RV Review: Valiant Extreme Teardrop

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By Tony Barthel
Based on the number of you who read these stories about overlanding rigs, you’re either wondering what the fuss is about or are seriously interested in finding some great trails yourself. Truthfully, I wouldn’t mind having one of these rigs myself, but I’d want one in addition to my traditional travel trailer, just so I could choose my adventure style. I love being in the middle of nowhere, but I also have no complaints if my couch comes with me to share the journey. 

I found a company in Wasilla, Alaska, that makes overlanding-style trailers that feature a lifetime warranty. This isn’t the kind of weenie warranty like on the windows in my house where they won’t even talk to me because I didn’t put them in. This is a warranty against things being wrong in the manufacture of the rig for the life of the rig. Period. 

As such, the company is building its trailers differently. 

Valiant Expedition Trailers offers a few models. But what caught my attention was the Valiant Extreme Teardrop (XTD). While this trailer does sort of follow the form of a traditional teardrop, with an outside kitchen and indoor bedroom, it’s also very different in some ways. 

Build methodology

The Valiant trailers are built with .080” sheet aluminum which is powder-coated on the outside. For 2021, the company has upgraded to a single sheet of aluminum for the roof with no voids whatsoever, so you won’t have to worry about flexible seals failing. This year’s models are slightly larger, but still very lightweight. 

With attention to detail, the company has changed to using Dexter hubs, which Jordan McCullogh, founder of Valiant Expedition Trailers, indicates was done to support American manufacturing. However, they take out the bearings that come with those and replace them with Timken American-made bearings. 

While these are the kinds of trailers that are perfectly suited to overlanding and following a very capable off-road vehicle, Jordan says that their first sale was to someone who planned to tow it with a Subaru. 

In fact, I saw several videos of Jordan literally picking up the tongue of the trailer and moving it around. That means you can push it into a garage if that’s important, or simply move the trailer around as needed without having to hook it up. 

There are a few things that I thought were intriguing about the 2021 editions of these trailers. These include the company now providing a pass-through panel from the main sleeping area to the kitchen. 

Since Valiant trailers sell their models direct to the customer, there isn’t just one floor plan. They can vary what goes into the trailer based on the wishes of a customer. 

So what’s the layout of the Valiant Extreme Teardrop?

Essentially, there’s a front sleeping area and a back outdoor stand-up kitchen. The rear door of the Valiant XTD is a flat panel, sort of like a big garage door, that is hinged upward with strut assists to provide a roof over your head when doing meal prep. 

Various models I saw included ones with a Furrion three-burner cooktop and, almost universally, a Dometic 12-volt chest cooler. You have a number of options in choosing the size of the cooler for your build. These include two-well models that have both refrigerator and freezer functionality. These are mounted on pull-out drawer glides.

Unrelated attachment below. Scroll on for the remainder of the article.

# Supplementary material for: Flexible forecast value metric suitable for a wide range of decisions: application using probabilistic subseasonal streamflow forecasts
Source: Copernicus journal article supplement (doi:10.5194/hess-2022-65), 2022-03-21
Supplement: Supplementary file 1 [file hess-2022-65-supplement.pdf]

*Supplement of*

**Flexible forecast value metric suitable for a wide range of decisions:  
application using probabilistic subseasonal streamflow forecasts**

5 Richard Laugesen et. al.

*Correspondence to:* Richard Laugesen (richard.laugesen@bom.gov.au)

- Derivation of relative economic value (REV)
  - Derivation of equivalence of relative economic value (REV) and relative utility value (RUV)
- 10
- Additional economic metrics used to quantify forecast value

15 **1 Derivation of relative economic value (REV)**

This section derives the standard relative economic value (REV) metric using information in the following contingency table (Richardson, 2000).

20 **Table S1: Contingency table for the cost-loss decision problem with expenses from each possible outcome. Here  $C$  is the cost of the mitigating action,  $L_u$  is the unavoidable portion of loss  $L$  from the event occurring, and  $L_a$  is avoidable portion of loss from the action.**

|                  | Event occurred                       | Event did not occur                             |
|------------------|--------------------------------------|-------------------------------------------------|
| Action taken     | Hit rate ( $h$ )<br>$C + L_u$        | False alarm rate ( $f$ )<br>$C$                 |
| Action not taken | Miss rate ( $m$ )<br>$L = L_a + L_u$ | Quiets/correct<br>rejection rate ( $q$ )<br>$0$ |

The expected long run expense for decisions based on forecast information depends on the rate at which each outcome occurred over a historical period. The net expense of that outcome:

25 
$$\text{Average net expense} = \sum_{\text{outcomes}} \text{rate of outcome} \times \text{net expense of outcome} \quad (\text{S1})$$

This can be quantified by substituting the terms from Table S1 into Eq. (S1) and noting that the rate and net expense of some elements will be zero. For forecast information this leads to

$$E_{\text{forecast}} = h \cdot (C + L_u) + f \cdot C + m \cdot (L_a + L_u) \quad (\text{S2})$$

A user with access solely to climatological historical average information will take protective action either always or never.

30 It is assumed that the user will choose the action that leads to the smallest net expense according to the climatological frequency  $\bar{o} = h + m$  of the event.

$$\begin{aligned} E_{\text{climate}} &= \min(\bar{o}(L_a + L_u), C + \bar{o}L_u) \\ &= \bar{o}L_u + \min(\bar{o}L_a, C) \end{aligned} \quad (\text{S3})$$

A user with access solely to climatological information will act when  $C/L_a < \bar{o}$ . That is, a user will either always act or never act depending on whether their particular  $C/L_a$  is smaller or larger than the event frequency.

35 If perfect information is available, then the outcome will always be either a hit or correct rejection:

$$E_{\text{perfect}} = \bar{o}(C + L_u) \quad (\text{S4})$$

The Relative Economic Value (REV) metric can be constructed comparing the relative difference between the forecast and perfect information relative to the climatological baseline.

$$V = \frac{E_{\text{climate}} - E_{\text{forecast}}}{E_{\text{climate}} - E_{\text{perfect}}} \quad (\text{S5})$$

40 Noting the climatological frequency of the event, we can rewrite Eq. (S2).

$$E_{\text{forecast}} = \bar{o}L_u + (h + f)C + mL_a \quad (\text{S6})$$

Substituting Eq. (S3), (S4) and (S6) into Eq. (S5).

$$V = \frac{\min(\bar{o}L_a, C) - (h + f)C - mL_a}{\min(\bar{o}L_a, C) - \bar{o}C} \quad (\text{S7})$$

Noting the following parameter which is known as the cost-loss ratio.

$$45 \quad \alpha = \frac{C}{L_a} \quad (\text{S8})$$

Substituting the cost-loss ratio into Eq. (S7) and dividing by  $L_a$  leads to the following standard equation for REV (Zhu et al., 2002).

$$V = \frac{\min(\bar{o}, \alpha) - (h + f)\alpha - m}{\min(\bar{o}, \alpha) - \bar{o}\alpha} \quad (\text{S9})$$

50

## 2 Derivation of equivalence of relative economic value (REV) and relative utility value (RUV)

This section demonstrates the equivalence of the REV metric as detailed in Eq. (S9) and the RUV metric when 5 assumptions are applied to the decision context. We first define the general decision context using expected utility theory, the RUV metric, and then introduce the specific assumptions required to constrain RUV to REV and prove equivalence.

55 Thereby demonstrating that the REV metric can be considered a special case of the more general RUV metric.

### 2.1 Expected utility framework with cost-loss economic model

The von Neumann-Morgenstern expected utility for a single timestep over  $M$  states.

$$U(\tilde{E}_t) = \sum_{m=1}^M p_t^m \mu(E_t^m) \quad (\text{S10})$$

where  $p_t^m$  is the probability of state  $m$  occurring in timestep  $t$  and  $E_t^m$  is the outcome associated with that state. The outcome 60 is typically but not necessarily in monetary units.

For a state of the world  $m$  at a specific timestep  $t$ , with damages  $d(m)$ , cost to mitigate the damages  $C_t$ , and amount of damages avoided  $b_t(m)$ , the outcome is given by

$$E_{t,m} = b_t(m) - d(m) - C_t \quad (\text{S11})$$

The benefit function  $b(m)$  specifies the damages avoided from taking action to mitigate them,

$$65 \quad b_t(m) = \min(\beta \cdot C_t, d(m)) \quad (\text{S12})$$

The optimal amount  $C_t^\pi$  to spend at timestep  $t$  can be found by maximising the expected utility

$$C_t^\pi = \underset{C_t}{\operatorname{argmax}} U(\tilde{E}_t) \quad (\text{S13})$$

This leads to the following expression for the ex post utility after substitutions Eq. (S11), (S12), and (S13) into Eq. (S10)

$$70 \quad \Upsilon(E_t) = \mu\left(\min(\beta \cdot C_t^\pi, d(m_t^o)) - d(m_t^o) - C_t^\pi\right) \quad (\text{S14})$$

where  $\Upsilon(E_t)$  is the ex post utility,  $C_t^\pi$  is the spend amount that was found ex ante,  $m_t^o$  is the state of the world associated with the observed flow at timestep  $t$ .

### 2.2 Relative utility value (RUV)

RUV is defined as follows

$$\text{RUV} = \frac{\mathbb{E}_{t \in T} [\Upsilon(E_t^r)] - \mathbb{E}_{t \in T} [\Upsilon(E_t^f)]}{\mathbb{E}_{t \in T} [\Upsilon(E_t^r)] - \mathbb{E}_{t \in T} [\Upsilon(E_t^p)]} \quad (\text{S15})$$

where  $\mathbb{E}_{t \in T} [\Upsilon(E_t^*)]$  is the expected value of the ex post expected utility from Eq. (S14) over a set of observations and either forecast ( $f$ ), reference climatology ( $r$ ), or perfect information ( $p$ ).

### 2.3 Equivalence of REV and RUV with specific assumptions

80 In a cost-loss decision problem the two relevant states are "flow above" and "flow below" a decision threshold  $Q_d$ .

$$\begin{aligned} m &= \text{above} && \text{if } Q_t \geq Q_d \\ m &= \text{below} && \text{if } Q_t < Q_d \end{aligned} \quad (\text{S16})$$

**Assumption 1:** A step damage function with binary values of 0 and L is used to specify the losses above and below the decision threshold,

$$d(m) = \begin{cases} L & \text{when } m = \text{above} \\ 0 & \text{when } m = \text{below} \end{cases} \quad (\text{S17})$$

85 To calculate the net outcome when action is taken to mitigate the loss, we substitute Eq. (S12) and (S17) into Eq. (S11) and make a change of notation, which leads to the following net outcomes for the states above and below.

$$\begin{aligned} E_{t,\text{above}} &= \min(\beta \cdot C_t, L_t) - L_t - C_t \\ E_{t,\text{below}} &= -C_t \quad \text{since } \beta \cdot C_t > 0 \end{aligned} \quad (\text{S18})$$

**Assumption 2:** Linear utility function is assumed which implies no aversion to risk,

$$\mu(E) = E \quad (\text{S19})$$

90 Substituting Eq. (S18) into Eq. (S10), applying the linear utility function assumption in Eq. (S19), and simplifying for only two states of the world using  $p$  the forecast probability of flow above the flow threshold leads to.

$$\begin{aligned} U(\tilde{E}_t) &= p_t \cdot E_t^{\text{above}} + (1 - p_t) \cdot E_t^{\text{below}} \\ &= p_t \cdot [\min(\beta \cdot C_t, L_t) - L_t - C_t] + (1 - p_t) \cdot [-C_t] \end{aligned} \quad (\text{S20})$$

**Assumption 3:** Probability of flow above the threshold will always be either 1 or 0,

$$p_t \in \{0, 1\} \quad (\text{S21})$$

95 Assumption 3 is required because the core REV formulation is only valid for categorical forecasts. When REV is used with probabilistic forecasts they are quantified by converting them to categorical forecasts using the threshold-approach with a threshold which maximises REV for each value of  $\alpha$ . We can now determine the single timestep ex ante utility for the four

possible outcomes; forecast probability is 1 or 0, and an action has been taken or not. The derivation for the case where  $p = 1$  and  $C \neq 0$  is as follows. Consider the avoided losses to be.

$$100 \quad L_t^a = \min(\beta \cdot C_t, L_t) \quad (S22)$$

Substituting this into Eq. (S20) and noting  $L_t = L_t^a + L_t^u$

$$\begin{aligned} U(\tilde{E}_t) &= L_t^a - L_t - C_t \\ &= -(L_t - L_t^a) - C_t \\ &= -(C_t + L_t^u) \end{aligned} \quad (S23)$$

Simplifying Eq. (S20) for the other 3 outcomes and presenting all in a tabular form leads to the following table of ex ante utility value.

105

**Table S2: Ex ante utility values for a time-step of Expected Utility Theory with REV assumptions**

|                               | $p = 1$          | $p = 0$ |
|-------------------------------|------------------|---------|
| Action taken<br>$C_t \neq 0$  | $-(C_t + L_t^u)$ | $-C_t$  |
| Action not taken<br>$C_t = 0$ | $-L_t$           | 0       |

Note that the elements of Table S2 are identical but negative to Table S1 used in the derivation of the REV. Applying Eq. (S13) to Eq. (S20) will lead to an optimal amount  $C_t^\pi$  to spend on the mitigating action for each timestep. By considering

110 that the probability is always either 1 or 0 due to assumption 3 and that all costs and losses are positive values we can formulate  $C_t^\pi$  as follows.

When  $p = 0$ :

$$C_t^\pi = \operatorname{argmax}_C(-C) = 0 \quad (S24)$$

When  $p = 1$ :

Models that do incorporate a sink can have a water heater and a small water tank (I saw 9 gallons) with a drain to the outside, so no gray tank. Since there’s no toilet, there’s no black tank either. 

The main cabin of the Valiant Extreme Teardrop is large enough for a queen-sized bed. Jordan showed off a few examples with tri-fold mattresses so you can have a couch by day and a bed by night if you like. Heaters and high-performance vent fans are among the many options available. 

The trailers are framed in steel so roof racks are available. To those you can attach things like a rooftop tent or mounts for all sorts of adventure gear. I’m so used to hearing or reading statements that are dictated by legal departments regarding capacities. So it was refreshing to hear Jordan say, “Basically you can put whatever you want up there. I know how these trailers are built.” 

The interior of the Valiant Extreme Teardrop

While the interior is fairly simple, it’s not shoddy and the company uses all birch paneling with a urethane finish. It really looks nice. 

There are a lot of options for customizing and accommodating one’s individual choices. They include options for cargo carrying, racks, propane, steps and more. If you’re at all interested in this kind of rig, it’s nice to know a lot of energy was put into the thoughtful touches. 

The company has changed its shipping options and now ships to the Lower 48 states with factory-direct builds and sales. But, really, how cool would it be to get one of these and enjoy a trip up to Alaska? 

*****

These RV reviews are written based on information provided by the manufacturers along with our writer’s own research. We receive no money or other financial benefits from these reviews. They are intended only as a brief overview of the vehicle, not a comprehensive critique, which would require a thorough inspection and/or test drive.

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Donald N Wright
24 days ago

Why are they called teardrop trailers with the flat fronts and sides ? They have the aerodynamics of a brick.

Steve
24 days ago

It would make a great trip, Tony.
But driving up there to pick up an RV could be quite costly. Motels along the Alaska Highway are few and very expensive. Most are closed in winter, except in a few larger towns, and a year’s income must be made in a 5-month summer tourist season. So, the company’s delivery costs to the Lower 48 may be a bargain. But don’t let that stop you from taking your travel trailer to Alaska. It really is the ultimate RV trip for Americans!